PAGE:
Valentine’s Day at the Museum of London

Posted in exhibitions by Editor on February 11, 2014

As reported by Nick Clark for The Independent (30 January 2014). . .

Amorous couple

Detail of one of eight eighteenth-century plaster tiles discovered in 1962. Click on the image for the full view of another tile (with usual warnings about sexually explicit images).

For one night only. . . amorous visitors to the Museum of London will have the chance to see the steamy side of the 18th century. A series of erotic tiles, detailing various sexual positions and even spanking, will go on display for the first time at a late-night Valentine’s Day event at the site in the heart of the City. The eight tiles were discovered in 1962 after a fire in an upper room of one of London’s most memorable old pubs and remain shrouded in mystery.

Jackie Keily, curator at the museum, said: “We can’t normally display them because they are so graphic. It is a fascinating glimpse into the sexual history of London; so few of these artefacts survive.”

They will be part of an evening event called Late London: City of Seduction which is open to over 18-year-olds only. The tiles were discovered in 1962 following a fire at Ye Old Cheshire Cheese pub on Fleet Street and were handed to the museum shortly after.

The full article, with additional photos, is available here»

Details of Late London: City of Seduction are available here»

« Livraisons d’histoire de l’architecture » 26 (2013)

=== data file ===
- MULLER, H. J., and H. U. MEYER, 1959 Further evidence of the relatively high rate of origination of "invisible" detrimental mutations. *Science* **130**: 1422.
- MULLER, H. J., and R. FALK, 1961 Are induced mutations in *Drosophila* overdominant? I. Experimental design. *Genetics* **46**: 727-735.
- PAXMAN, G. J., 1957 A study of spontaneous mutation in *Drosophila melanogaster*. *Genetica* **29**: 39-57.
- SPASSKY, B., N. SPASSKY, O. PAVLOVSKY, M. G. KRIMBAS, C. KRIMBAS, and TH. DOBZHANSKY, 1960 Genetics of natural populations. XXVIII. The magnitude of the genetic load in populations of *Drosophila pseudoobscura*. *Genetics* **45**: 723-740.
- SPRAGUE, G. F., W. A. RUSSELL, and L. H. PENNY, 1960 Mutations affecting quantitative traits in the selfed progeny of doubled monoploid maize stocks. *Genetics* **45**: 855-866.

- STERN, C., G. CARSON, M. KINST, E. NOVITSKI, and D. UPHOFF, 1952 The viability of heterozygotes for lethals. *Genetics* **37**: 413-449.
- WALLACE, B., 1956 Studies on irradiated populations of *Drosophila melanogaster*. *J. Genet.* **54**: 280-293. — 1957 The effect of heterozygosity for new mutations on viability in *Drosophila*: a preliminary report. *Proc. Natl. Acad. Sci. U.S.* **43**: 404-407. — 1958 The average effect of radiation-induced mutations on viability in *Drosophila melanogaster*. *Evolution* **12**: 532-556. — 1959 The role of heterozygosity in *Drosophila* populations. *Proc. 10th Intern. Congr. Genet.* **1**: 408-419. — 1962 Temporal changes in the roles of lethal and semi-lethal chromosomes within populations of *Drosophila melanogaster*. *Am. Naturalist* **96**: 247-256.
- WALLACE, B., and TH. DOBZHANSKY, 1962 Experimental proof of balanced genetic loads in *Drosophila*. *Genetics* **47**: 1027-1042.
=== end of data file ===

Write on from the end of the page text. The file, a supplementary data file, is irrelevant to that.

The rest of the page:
Posted in journal articles by Editor on February 11, 2014

From the Centre André Chastel:

“Les Ministres et les arts,” numéro thématique des Livraisons d’histoire de l’architecture  26 (2013), €23.

ministres_arts_livraisonsBasile Baudez, “Le comte d’Angiviller, directeur de travaux : le cas de Rambouillet”

Alexandre Burtard, “Sur la piste des orientations artistiques de Nicolas Frochot, premier préfet de la seine sous le Consulat et l’Empire”

Rose-Marie Chapalain, “L’abbé Terray, seigneur de la Motte-Tilly”

Marie-Claude Chaudonneret, “Les ministres de l’intérieur et les arts sous le Directoire”

Hélène Drutinus, “Jean Naigeon, conservateur du Luxembourg sous le Consulat : les rapports d’un conservateur avec le Sénat et le ministre de l’intérieur”

Dominique Massounie, “Philibert Orry et l’embellissement du territoire autour de l’Instruction de 1748 : genèse d’un paysage routier et urbain”

Gabriele Quaranta, “Deux générations à côté du pouvoir : quelques remarques sur les arts chez les de Fourcy”

Aleth Tisseau des Escotais, “Finances et arts pendant la Révolution et le Premier Empire : l’exemple du Garde-Meuble”

Summaries for a selection of the articles are available as a PDF file here»

Call for Papers | Art as Cultural Diplomacy: Eastern and Western Europe

Posted in Calls for Papers by Editor on February 11, 2014

Art as Cultural Diplomacy: (Re)Constructing Notions of Eastern and Western Europe
Berlin, 28–29 March 2014

Proposals due by 25 February 2014

Panel Organizer: Cassandra Sciortino, University of California, Santa Barbara

As part of the Third Euroacademia International Conference Re-Inventing Eastern Europe to be held in Berlin, the panel Art as Cultural Diplomacy seeks papers that explore the function of art (in its broadest definition) as an instrument of cultural diplomacy by the state and, especially, by nongovernmental actors. The main theme of the session is the question of art and diplomacy in Europe before and after the fall of the Berlin Wall. Papers are welcome that explore issues related to the role of art, diplomacy and the politicization of the European Union and its candidate countries, as are those which consider how the arts have pursued or resisted East-West dichotomies and other narratives of alterity in Europe and worldwide. The panel seeks to combine a wide range of interdisciplinary perspectives to explore how art—its various practices, history, and theory—are an important area of inquiry in the expanding field of cultural diplomacy. Selected papers will be invited for publication in a book.